Protests, arrests as Mesa mom faces deportation after Trump order

Maxine SotoFeb 13, 2017

As the New York Times reports, Garcia de Rayos knew the situation might have changed due to President Trump's executive order, which said undocumented immigrants convicted of any criminal offense - or even those who may have committed "acts that constitute a chargeable criminal offense" - are a priority for deportation.

Santos writes that Garcia de Rayos was "afraid to go to her appointment on Wednesday". Her lawyer claimed she didn't know the woman whose identity she was accused of stealing. Her husband, too, is an undocumented immigrant.

Garcia de Rayos was among the workers arrested in one of then-Sheriff Joe Arpaio's first investigations into Phoenix-area businesses suspected of hiring immigrants who had used fraudulent IDs to get jobs.

The ministry also noted that the Mexican government, its embassy in the USA and the consular network there would "continue to provide assistance and protection to all Mexicans who require it regardless of their immigration status". She said her case underwent a thorough review that determined the 35-year-old mother of two children with US citizenship had no "legal basis to remain in the U.S". One man hugged a tire of the van while others marched and chanted in support of Garcia. The group gained notoriety during the 2016 presidential campaign when it blocked roads to a campaign rally for Donald Trump.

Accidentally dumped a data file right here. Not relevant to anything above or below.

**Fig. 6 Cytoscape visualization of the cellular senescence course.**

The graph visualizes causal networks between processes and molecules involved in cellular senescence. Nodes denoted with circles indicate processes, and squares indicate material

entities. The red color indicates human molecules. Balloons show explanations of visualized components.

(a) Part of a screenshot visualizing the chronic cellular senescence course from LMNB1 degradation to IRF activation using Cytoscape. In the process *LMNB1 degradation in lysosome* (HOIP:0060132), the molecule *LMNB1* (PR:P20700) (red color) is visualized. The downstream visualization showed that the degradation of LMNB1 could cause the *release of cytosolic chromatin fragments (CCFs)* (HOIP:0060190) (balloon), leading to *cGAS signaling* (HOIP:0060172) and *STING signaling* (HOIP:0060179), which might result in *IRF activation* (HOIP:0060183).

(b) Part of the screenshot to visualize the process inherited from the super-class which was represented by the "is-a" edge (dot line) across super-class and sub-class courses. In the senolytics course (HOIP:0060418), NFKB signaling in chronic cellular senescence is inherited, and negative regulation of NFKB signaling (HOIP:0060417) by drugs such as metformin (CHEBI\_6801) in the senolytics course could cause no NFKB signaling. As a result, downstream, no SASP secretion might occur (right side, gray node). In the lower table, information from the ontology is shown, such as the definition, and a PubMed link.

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Police ultimately removed the protester from the wheel, arrested a total of six people, and the van drove away. She was allowed to remain in the country, so long as she checked in with immigration officials, under an executive order signed by then-President Barack Obama. She was detained and within 24 hours she was deported to her native Mexico.

According to officials late Thursday morning, the family of Guadalupe Garcia de Rayos has been told she has been deported.

She was consequently ordered to self-deport in 2013, but was given a pass under the Obama administration's relaxed immigration standards, which mainly targeted "violent criminals or people who pose a threat to national security". Rayos has been required to check in with ICE every year since 2008, when she was caught working under a fake Social Security number.

Garcia de Rayos came illegally to the United States in the mid-1990s with her parents when she was 14.

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In its statement, ICE said Garcia was being held based on a deportation order in May 2013.

A judge had ordered her deportation in 2013, but she was allowed to stay in the USA because the Obama administration generally limited deportations to undocumented immigrants who committed serious crimes or had ties to criminal organizations, The Times' Fernanda Santos wrote.

The action sparked protests by supporters of Garcia de Rayos and drew praise from proponents of stricter enforcement of immigration laws.

People have gathered outside the ICE headquarters to protest against what could be the first Arizona deportation after President Trump's executive order. It includes people in the US illegally who "have been convicted of any criminal offense", "have been charged with any criminal offense", "have committed acts that constitute a chargeable criminal offense" or "are subject to a final order of removal", among other criteria.

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